No prayers needed for Corey Linsley

January, 15, 2015
Jan 15
GREEN BAY, Wis. – Take note, Bruce Irvin: Corey Linsley doesn't need anyone to pray for him this time.

Four months after Linsley, the Green Bay Packers rookie center, made his first NFL start against Irvin and the Seattle Seahawks in Week 1, there might be no player better prepared for Sunday's NFC Championship Game than Linsley.

At the time, Linsley admitted he was rattled by Irvin's comment that he was going to pray for him because it was going to be a long night.

Not much has rattled him since then.

[+] EnlargeAaron Rodgers
AP Photo/Mike RoemerRookie center Corey Lindley has come a long way since he last saw the Seattle Seahawks.
Linsley returns to the site of his first NFL game as one of the league's best centers. rated Linsley as the fifth-best center in the league during the 2014 regular season. What started as a temporary assignment while JC Tretter was out with a knee injury has turned into a permanent position.

"It feels a lot different mainly because of the guys around me, and I feel like they have a little bit more confidence in me since Week 1," Linsley said. "And also in our offense, I think our offense is 10 times as better than it was Week 1. We found our identity."

Linsley had one major gaffe in the Packers' 36-16 loss to the Seahawks. He fired a shotgun snap into Aaron Rodgers' chest when he wasn't ready for it. Rodgers barked at him. Linsley took it, and they moved on.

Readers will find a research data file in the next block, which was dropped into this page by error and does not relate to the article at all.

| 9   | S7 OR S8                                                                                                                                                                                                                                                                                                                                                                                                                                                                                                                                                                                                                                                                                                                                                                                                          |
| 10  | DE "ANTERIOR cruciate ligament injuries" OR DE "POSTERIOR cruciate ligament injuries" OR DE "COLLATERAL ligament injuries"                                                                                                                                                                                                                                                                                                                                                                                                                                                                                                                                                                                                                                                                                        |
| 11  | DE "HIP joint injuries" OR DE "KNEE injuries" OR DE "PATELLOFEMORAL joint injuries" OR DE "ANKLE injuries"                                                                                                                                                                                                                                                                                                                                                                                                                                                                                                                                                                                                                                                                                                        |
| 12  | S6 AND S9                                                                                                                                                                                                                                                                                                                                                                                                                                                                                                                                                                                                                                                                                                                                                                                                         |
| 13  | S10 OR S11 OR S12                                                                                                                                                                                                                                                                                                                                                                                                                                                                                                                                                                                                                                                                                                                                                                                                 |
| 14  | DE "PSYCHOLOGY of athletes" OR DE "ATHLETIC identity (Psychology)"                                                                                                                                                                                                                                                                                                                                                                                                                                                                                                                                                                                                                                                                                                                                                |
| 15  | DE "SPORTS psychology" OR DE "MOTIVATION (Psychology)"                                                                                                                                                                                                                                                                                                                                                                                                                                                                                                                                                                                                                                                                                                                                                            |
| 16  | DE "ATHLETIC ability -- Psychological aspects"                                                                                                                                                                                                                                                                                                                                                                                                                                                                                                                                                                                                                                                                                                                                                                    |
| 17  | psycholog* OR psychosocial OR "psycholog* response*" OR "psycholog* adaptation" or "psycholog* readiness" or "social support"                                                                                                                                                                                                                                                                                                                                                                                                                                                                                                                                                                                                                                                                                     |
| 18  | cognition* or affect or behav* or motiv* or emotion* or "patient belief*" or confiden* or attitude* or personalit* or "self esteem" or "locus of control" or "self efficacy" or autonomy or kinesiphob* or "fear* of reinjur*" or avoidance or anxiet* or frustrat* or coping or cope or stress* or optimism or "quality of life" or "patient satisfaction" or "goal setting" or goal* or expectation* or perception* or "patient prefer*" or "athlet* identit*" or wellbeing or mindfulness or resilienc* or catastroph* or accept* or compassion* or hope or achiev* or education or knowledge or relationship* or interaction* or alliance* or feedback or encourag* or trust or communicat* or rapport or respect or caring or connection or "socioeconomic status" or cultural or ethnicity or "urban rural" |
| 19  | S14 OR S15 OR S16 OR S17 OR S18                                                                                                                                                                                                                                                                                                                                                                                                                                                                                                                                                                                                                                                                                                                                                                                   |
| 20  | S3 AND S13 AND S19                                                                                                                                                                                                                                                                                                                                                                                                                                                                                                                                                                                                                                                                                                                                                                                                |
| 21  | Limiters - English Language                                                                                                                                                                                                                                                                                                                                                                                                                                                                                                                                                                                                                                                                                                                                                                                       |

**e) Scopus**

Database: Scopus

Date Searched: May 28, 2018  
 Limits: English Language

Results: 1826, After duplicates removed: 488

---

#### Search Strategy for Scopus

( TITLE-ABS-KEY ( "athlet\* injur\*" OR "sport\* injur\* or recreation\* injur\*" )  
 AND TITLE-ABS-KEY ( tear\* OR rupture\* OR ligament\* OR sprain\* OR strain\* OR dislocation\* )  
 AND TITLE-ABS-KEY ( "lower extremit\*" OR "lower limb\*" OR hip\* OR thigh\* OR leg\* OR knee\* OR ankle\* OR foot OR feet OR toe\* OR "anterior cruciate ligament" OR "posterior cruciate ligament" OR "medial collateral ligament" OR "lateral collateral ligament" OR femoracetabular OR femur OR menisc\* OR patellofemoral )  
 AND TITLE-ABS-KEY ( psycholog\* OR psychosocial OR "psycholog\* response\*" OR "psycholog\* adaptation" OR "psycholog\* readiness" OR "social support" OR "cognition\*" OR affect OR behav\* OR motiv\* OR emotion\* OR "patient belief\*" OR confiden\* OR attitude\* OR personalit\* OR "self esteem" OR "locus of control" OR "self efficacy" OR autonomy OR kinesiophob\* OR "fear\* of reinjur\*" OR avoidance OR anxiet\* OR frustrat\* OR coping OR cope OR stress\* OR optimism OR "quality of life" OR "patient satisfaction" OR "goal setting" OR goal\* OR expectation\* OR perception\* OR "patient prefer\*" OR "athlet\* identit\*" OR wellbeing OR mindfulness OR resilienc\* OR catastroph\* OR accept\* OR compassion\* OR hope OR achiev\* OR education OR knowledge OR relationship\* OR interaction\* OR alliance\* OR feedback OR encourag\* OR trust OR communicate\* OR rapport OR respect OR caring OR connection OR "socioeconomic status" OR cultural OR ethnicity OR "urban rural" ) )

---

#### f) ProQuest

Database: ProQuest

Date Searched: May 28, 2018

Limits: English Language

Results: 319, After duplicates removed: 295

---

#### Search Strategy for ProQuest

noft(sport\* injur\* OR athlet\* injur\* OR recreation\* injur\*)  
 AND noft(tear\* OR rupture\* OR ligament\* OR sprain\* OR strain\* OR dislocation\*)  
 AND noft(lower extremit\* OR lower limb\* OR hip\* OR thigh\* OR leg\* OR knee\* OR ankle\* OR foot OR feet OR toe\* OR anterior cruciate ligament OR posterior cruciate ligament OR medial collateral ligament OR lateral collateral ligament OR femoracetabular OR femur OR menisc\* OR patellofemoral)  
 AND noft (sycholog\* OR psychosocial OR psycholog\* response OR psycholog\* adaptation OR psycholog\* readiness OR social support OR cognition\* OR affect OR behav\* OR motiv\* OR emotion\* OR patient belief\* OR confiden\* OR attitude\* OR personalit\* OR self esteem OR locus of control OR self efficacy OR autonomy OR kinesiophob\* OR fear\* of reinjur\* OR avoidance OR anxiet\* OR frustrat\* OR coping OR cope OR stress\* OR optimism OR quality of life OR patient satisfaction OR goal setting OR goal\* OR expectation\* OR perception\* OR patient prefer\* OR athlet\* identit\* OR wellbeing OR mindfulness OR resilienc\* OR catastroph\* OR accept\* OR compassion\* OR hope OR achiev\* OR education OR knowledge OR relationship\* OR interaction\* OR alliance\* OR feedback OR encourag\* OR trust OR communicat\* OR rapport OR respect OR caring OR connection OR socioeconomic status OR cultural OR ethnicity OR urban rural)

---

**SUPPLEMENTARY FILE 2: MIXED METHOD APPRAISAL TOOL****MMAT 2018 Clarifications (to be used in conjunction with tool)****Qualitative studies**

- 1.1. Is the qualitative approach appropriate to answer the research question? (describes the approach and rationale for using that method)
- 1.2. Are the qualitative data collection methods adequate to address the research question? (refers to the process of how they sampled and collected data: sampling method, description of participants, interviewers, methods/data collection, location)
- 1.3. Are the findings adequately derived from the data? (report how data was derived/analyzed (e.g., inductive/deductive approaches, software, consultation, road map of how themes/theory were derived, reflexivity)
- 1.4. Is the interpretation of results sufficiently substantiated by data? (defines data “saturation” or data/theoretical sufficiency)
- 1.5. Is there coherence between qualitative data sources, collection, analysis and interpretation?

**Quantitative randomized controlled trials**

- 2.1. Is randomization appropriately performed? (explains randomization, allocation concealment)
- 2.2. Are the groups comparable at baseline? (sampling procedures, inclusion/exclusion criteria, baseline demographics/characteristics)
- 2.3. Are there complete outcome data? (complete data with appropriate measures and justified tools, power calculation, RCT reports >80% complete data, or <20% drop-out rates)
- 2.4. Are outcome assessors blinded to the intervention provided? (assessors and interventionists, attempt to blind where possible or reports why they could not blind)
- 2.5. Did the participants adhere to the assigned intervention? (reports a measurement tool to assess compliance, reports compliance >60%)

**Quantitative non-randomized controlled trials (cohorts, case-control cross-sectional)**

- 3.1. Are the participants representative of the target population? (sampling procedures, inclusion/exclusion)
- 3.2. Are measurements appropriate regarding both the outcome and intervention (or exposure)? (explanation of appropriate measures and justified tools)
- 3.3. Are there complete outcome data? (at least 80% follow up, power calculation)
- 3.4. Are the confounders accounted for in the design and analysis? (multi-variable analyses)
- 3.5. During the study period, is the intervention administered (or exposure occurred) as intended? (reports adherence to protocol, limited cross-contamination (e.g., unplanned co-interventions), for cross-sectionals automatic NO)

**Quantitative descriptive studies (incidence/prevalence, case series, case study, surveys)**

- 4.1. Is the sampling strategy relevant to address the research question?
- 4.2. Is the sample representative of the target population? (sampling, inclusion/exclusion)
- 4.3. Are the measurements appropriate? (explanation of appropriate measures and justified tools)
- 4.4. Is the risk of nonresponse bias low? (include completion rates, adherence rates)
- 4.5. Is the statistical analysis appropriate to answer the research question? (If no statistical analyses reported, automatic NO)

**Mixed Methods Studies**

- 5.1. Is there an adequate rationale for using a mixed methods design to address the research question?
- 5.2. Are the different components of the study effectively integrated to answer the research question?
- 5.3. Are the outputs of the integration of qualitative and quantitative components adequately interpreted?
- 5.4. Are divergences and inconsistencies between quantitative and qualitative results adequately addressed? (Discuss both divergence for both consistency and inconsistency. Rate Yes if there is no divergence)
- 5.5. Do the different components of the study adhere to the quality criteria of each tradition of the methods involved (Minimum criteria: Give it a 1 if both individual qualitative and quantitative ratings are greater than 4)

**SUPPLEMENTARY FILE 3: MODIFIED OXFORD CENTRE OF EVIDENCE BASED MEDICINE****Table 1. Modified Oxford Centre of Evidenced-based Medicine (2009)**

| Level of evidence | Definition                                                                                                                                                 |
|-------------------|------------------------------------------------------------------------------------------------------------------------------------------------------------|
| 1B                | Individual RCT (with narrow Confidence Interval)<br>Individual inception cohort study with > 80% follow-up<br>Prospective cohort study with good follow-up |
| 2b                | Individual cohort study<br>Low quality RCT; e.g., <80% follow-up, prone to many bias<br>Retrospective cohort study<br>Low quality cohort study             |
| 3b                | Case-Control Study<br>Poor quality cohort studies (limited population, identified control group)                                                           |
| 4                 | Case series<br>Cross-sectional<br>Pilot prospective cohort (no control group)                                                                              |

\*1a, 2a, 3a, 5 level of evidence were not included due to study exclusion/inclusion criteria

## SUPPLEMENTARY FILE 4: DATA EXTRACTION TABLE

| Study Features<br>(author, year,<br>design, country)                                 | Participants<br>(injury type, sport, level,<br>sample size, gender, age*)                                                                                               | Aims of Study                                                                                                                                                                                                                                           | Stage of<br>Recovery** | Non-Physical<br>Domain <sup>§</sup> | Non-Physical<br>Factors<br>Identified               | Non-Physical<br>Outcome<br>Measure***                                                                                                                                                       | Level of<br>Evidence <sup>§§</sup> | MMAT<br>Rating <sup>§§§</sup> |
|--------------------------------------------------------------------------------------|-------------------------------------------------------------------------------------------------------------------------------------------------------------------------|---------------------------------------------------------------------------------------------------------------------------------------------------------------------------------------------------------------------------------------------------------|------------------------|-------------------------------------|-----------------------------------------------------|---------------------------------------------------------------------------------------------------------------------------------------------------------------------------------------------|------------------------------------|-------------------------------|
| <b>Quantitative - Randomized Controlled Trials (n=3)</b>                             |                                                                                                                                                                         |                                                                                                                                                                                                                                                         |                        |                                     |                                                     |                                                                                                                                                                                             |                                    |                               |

Linsley, the only player who has been on the field for all 1,118 of the Packers' offensive snaps this season, is a different player, and the Packers are a different team. In that first game, the only offensive production came from Jordy Nelson and Randall Cobb. Now, two other rookies – receiver Davante Adams and tight end Richard Rodgers – have been integrated into the offense, and the running game with Eddie Lacy is as strong as ever.

"Corey was in his first start, and he was getting a lot of prayers for him," Rodgers said this week on his ESPN Milwaukee radio show. "I'm not sure if he'll get the same amount of prayers. Hopefully he will; we need all the prayers we can get at this point. And then Davante rarely played; I think he played about eight to 10 snaps. And then Richard didn't play a whole lot, either. Those guys are playing more significant roles."

Maybe it's revisionist history, but coach Mike McCarthy said he knew right away in training camp that Linsley, a fifth-round pick from Ohio State, could handle the NFL.

"The first one-on-one pass blocking in padded practice," McCarthy recalled. "I remember that day. He stood out to me then."

With all that Linsley has done since then, he just laughs now when Irvin's comments are brought up.

"The whole situation was kind of funny," Linsley said. "But, yeah, now it's just long gone. That's long gone."
GREEN BAY, Wis. -- Four months after the fact, the Green Bay Packers continue to insist they didn't purposely avoid Seattle Seahawks cornerback Richard Sherman in the season opener.